Star caught smoking

August 3, 2007
Star caught smoking
Artist rendering of the surroundings of a R Coronae Borealis star, as inferred from the observations obtained with ESO's Very Large Telescope. Such stars show erratic variability that is thought to arise from the presence of large clouds of dust in their envelope. Credit: ESO

Using ESO's Very Large Telescope Interferometer, astronomers from France and Brazil have detected a huge cloud of dust around a star. This observation is further evidence for the theory that such stellar puffs are the cause of the repeated extreme dimming of the star.

R Coronae Borealis stars are supergiants exhibiting erratic variability. Named after the first star that showed such behaviour, they are more than 50 times larger than our Sun. R Coronae Borealis stars can see their apparent brightness unpredictably decline to a thousandth of their nominal value within a few weeks, with the return to normal light levels being much slower. It has been accepted for decades that such fading could be due to obscuration of the stellar surface by newly formed dusty clouds.

This 'Dust Puff Theory' suggests that mass is lost from the R Coronae Borealis (or R CrB for short) star and then moves away until the temperature is low enough for carbon dust to form. If the newly formed dust cloud is located along our line-of-sight, it eclipses the star. As the dust is blown away by the star's strong light, the 'curtain' vanishes and the star reappears.

RY Sagittarii is the brightest member in the southern hemisphere of this family of weird stars. Located about 6,000 light-years away towards the constellation of Sagittarius (The Archer), its peculiar nature was discovered in 1895 by famous Dutch astronomer Jacobus Cornelius Kapteyn.

In 2004, near-infrared adaptive optics observations made with NACO on ESO's Very Large Telescope allowed astronomers Patrick de Laverny and Djamel Mékarnia to clearly detect the presence of clouds around RY Sagittarii. This was the first direct confirmation of the standard scenario explaining the light variations of R CrB stars by the presence of heterogeneities in their envelope surrounding the star.

However, the precise place where such dust clouds would form was still unclear. The brightest cloud detected was several hundred stellar radii from the centre, but it had certainly formed much closer. But how much closer?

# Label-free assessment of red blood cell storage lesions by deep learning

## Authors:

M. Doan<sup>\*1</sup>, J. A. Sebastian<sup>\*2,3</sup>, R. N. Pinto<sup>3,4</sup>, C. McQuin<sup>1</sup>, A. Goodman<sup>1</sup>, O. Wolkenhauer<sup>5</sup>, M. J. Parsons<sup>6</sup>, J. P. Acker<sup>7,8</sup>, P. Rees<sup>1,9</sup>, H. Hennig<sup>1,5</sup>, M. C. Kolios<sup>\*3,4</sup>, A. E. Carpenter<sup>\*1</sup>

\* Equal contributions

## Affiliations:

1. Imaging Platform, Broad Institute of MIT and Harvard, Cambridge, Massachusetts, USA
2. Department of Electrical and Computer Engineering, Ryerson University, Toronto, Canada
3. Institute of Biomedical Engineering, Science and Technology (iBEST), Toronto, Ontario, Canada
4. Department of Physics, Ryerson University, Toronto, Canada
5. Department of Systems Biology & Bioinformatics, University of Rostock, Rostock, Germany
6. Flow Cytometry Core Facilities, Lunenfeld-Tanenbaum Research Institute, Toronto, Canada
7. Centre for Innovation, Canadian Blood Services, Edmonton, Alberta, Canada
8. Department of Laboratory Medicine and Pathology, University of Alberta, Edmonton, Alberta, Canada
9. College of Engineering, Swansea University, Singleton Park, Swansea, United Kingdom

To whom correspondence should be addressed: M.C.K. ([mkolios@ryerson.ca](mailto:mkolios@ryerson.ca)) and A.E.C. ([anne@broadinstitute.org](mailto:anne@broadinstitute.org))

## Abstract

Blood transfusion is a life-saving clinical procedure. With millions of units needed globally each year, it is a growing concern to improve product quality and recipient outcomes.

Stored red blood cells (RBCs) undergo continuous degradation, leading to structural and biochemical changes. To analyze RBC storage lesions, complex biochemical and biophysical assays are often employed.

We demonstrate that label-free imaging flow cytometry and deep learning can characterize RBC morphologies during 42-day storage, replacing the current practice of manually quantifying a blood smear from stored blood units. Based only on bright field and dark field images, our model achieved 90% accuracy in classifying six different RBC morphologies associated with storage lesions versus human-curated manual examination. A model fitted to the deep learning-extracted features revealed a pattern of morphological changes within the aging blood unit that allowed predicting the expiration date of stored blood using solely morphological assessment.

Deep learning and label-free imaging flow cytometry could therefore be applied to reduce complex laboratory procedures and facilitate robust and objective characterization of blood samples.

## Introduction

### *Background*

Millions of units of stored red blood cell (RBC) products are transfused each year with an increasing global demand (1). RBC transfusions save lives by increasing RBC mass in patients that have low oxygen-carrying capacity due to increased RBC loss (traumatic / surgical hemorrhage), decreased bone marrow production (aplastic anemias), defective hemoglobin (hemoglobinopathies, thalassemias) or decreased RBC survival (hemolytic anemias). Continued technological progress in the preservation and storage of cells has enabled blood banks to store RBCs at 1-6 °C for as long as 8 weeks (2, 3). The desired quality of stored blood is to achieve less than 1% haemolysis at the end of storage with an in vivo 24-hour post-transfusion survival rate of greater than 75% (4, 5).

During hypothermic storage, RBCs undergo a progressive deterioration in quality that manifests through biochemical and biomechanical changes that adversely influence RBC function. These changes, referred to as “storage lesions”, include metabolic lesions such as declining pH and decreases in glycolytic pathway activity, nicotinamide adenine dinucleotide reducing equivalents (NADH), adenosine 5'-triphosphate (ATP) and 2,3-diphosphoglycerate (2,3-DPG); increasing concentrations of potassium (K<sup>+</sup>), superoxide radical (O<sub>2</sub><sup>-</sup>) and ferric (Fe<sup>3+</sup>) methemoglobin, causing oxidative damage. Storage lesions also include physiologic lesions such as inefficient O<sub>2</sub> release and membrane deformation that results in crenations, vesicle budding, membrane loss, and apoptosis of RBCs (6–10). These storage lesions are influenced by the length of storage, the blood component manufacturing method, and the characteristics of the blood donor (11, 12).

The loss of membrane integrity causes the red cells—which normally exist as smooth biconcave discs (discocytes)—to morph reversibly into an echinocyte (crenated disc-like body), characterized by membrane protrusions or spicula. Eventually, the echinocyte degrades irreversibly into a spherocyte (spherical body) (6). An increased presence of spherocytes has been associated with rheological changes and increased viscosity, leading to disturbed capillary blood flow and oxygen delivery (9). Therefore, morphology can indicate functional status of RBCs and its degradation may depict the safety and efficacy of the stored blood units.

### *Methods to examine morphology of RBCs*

To probe the vicinity of the star, the astronomers then turned to ESO's Very Large Telescope Interferometer. Combining two different pairs of the 8.2-m Unit Telescopes, the astronomers explored the inner 110 astronomical units around the star. Given the remoteness of RY Sagittarii, this corresponds to looking at details on a one-euro coin that is about 75 km away!

The astronomers found that a huge envelope, about 120 times as big as RY Sagittarii itself, surrounds the supergiant star. But more importantly, the astronomers also found evidence for a dusty cloud lying only about 30 astronomical units away from the star, or 100 times the radius of the star.

"This is the closest dusty cloud ever detected around a R CrB-type variable since our first direct detection in 2004," says Patrick de Laverny, leader of the team. "However, it is still detected too far away from the star to distinguish between the different scenarios proposed within the Dust Puff Theory for the possible locations in which the dusty clouds form."

If the cloud moves at the speed of 300 km/s, as one can conservatively assume, it was probably ejected more than 6 months before its discovery from deeper inside the envelope. The astronomers are now planning to monitor RY Sagittarii more carefully to shed more light on the evolution of the dusty clouds surrounding it.

"Two hundred years after the discovery of the variable nature of R CrB, many aspects of the R CrB phenomenon remain mysterious," concludes de Laverny.

Citation: "A snapshot of the inner dusty regions of a R CrB-type variable", by I.C. Leão et al., Astronomy and Astrophysics 466, L1-L4, 2007

Source: European Southern Observatory

Explore further: ALMA finds massive primordial galaxies swimming in vast ocean of dark matter

Related Stories

Next generation astronomical survey to map the entire sky

November 16, 2017

The next generation of the Sloan Digital Sky Survey (SDSS-V), directed by Juna Kollmeier of the Carnegie Institution for Science, will move forward with mapping the entire sky following a $16 million grant from the Alfred ...

Recommended for you

Eclipse 2017: Science from the moon's shadow

December 11, 2017

On Dec. 11, 2017, six researchers discussed initial findings based on observations of the Sun and on Earth gathered during the solar eclipse that stretched across North America on Aug. 21, 2017. Ranging from new information ...

Unravelling the mysteries of extragalactic jets

December 11, 2017

University of Leeds researchers have mathematically examined plasma jets from supermassive black holes to determine why certain types of jets disintegrate into huge plumes.

The initial mass function

December 11, 2017

The gas and dust in giant molecular clouds gradually come together under the influence of gravity to form stars. Precisely how this occurs, however, is incompletely understood. The mass of a star, for example, is by far the ...

0 comments

Please sign in to add a comment. Registration is free, and takes less than a minute. Read more

Click here to reset your password.
Sign in to get notified via email when new comments are made.